CHICAGO — Urban agriculture in Chicago is on the rise, though admittedly more like a hot air balloon than a rocket.
“There are people who are working on urban agriculture and hydroponics with the idea of building out these in a hyperlocal market,” said Bill Bishop, chief architect at Brick Meets Click and chairman of Chicago-based Willard Bishop.
With demand for local produce increasing at farmers markets, restaurants and school districts, there appears to be plenty of motivation to develop workable models for urban agriculture, said Blake Davis, adjunct professor of sustainability and urban agriculture at the Illinois Institute of Technology.
Fitting out The Plant
With the goal of increasing local food production, Davis is working with a facility called The Plant, at 1400 W. 46th St.
The three-story building is on a 2.4-acre lot and is being fitted with urban agriculture technology. Davis also serves on the board of directors for The Plant.
The facility is still under construction but will someday produce food 365 days a year, Davis said.
The project is a team effort between the University of Illinois and Bubbly Dynamics that began three years ago.
John Edel, owner of Bubbly Dynamics LLC, was interested in food and urban agriculture and purchased a 93,500 square-foot former meat packing facility as a potential food production facility and an incubator for small business ideas.
Bubbly Dynamics LLC owns The Plant, which it acquired in July 2010, and Edel is developing the leasing and spaces.
However, Edel wasn’t strong with the science of vertical farming and brought on Davis to provide The Plant with students and expertise on how to engineer the vertical farm, including the design and construction of the aquaponics facility and outdoor gardening, mushroom production and other projects.
The facility has about 12 volunteers working on various projects each day, Davis said.
One of the tenants of The Plant, Sky Greens, is already selling hydroponic greens to area restaurants, Davis said.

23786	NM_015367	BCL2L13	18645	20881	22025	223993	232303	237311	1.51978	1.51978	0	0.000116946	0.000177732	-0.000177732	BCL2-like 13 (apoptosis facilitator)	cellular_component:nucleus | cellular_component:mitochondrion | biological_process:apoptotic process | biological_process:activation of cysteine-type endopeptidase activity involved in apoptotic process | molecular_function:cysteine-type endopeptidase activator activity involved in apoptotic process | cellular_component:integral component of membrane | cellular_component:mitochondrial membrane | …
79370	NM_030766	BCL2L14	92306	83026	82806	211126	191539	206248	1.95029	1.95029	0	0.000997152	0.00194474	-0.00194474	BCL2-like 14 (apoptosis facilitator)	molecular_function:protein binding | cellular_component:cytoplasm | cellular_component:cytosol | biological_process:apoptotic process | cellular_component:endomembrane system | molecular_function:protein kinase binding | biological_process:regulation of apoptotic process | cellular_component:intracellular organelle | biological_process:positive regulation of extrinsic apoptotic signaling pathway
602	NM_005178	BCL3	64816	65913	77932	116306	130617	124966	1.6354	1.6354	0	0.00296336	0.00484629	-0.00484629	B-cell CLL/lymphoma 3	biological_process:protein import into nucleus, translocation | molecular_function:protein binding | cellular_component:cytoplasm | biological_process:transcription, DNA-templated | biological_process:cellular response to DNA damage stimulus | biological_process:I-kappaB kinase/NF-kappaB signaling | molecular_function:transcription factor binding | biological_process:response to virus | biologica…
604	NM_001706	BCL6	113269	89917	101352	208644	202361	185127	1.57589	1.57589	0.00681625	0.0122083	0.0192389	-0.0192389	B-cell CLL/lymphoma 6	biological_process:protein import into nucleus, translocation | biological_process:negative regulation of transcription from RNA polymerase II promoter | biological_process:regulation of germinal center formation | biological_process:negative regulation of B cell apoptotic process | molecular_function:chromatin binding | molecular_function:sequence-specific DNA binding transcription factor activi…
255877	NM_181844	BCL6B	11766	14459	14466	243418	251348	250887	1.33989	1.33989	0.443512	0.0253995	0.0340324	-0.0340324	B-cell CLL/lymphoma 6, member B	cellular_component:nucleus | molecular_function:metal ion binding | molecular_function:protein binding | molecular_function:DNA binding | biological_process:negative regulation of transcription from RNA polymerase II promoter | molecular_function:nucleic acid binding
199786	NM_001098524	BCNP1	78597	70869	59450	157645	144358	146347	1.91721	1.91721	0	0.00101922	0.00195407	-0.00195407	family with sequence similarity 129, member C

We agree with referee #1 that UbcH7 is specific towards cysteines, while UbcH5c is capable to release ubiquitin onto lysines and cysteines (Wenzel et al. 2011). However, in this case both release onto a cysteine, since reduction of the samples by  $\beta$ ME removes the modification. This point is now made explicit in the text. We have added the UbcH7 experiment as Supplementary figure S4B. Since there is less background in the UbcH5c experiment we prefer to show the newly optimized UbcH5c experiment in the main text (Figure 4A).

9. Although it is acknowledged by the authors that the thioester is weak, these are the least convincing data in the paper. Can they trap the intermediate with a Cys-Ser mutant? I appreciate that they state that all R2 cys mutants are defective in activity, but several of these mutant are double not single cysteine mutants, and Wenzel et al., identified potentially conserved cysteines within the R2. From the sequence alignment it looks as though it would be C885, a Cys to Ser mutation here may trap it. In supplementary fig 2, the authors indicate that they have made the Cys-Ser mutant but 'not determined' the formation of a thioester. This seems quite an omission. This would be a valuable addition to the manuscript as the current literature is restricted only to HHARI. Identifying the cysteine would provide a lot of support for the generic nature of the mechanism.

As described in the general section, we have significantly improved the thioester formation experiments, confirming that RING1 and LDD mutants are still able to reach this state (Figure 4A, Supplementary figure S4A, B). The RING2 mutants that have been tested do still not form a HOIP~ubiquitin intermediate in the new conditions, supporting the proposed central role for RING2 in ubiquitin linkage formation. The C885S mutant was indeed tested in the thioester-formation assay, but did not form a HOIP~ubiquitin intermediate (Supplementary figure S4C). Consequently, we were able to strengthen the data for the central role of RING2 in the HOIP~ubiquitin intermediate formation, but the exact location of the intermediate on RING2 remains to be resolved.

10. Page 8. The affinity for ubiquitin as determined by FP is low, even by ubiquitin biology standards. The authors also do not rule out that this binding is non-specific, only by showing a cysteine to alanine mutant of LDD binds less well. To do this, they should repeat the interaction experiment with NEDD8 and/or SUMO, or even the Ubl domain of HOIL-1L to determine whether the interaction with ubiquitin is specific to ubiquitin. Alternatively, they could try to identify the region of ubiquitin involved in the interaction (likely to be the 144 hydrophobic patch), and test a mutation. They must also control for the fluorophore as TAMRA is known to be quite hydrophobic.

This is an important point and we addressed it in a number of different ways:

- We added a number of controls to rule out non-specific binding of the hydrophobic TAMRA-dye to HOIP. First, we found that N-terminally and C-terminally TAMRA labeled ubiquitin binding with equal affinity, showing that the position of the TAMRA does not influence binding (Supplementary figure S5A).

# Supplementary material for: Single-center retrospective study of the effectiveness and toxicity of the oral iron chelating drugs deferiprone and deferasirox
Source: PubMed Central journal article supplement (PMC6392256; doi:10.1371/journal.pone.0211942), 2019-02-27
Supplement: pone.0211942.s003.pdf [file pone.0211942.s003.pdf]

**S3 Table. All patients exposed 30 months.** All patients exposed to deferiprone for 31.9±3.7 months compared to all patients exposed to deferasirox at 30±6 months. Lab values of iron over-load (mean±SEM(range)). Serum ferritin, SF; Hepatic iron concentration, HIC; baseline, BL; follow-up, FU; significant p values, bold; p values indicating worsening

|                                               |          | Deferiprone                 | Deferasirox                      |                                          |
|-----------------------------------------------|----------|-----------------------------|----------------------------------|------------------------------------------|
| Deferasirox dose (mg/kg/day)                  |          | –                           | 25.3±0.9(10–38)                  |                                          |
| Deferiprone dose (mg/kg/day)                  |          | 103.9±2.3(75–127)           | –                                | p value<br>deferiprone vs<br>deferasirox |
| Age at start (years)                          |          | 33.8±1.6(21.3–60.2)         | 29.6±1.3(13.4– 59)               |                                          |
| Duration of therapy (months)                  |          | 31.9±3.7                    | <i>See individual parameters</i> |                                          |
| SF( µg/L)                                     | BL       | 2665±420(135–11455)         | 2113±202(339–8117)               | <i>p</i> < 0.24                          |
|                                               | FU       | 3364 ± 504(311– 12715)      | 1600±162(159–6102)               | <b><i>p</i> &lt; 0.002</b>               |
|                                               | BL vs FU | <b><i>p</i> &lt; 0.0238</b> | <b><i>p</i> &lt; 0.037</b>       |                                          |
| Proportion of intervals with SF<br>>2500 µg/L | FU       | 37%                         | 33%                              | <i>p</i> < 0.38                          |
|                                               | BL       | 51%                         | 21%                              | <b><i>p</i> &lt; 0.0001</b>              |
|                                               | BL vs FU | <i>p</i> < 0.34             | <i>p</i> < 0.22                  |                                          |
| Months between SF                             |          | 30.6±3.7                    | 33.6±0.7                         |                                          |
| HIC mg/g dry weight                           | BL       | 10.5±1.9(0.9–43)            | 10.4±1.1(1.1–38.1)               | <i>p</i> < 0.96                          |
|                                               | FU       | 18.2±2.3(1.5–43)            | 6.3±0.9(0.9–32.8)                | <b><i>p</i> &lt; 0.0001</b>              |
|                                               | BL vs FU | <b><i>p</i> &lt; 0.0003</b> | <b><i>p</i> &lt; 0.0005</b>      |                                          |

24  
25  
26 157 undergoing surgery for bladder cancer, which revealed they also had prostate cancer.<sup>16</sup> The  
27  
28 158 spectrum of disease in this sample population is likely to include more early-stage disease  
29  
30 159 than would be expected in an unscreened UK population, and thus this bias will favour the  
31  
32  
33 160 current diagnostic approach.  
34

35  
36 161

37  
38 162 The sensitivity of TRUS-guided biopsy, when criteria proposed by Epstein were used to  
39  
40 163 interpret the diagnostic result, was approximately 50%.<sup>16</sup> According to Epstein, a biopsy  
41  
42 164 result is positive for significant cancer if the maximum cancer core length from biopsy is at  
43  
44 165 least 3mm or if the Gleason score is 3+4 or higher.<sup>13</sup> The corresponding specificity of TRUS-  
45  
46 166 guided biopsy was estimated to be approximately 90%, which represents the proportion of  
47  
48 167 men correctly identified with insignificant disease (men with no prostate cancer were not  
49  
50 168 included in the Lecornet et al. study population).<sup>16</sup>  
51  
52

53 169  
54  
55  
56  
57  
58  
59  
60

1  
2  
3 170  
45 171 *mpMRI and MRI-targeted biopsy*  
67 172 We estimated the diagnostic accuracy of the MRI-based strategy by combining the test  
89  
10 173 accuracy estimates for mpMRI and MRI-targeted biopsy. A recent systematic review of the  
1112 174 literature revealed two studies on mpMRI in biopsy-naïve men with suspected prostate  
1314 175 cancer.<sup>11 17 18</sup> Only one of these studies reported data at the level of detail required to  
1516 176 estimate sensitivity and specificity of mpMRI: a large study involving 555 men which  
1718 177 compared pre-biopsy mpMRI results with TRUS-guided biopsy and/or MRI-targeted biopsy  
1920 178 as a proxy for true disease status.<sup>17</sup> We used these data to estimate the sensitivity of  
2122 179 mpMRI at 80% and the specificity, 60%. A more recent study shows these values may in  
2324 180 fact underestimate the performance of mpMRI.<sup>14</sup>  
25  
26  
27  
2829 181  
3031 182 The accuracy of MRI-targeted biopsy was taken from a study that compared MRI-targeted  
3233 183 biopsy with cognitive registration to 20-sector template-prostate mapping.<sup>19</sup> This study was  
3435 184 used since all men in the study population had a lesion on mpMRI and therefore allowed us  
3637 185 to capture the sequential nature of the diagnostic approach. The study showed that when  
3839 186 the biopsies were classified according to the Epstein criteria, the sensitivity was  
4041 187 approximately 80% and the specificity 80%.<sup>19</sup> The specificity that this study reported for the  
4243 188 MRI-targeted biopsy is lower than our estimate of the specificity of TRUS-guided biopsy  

“We are the technology for indoor agriculture,” he said.
On its website, The Plant’s mission is described as promoting sustainable food production, entrepreneurship, and building reuse through research. Davis said the building is being revamped with mostly recycled materials.
Davis said it may take seven years to finish out all of the space at The Plant.
Part of the outdoor grounds is set up to farm vegetables. A third of The Plant will hold aquaponics growing systems and the other two-thirds will incubate sustainable food businesses by offering low rent, low energy costs, and a licensed shared kitchen, according to the website.
The Plant’s leaders hope to install a renewable energy system that will eventually divert more than 10,000 tons of food waste from landfills each year to meet all of its heat and power needs.
Davis said The Plant envisions supplying produce picked in the morning to local restaurants who will serve it with the noon meal.
“It’s hard to get much fresher than that,” he said.
What’s more, he said there are 70,000 vacant lots in Chicago that could be turned into food-making facilities.
“I think the need for and the interest in urban agriculture is very hot,” he said. “Our job is to turn that interest into figuring out how to make businesses that make money,” he said.
The Plant has public tours several times a week, and Davis said they often receive visitors from Detroit, Cleveland and other cities with urban agriculture potential.
“If we can create a model that works economically as well as technically, I believe there are a lot of people who would apply it in their own cities,” he said.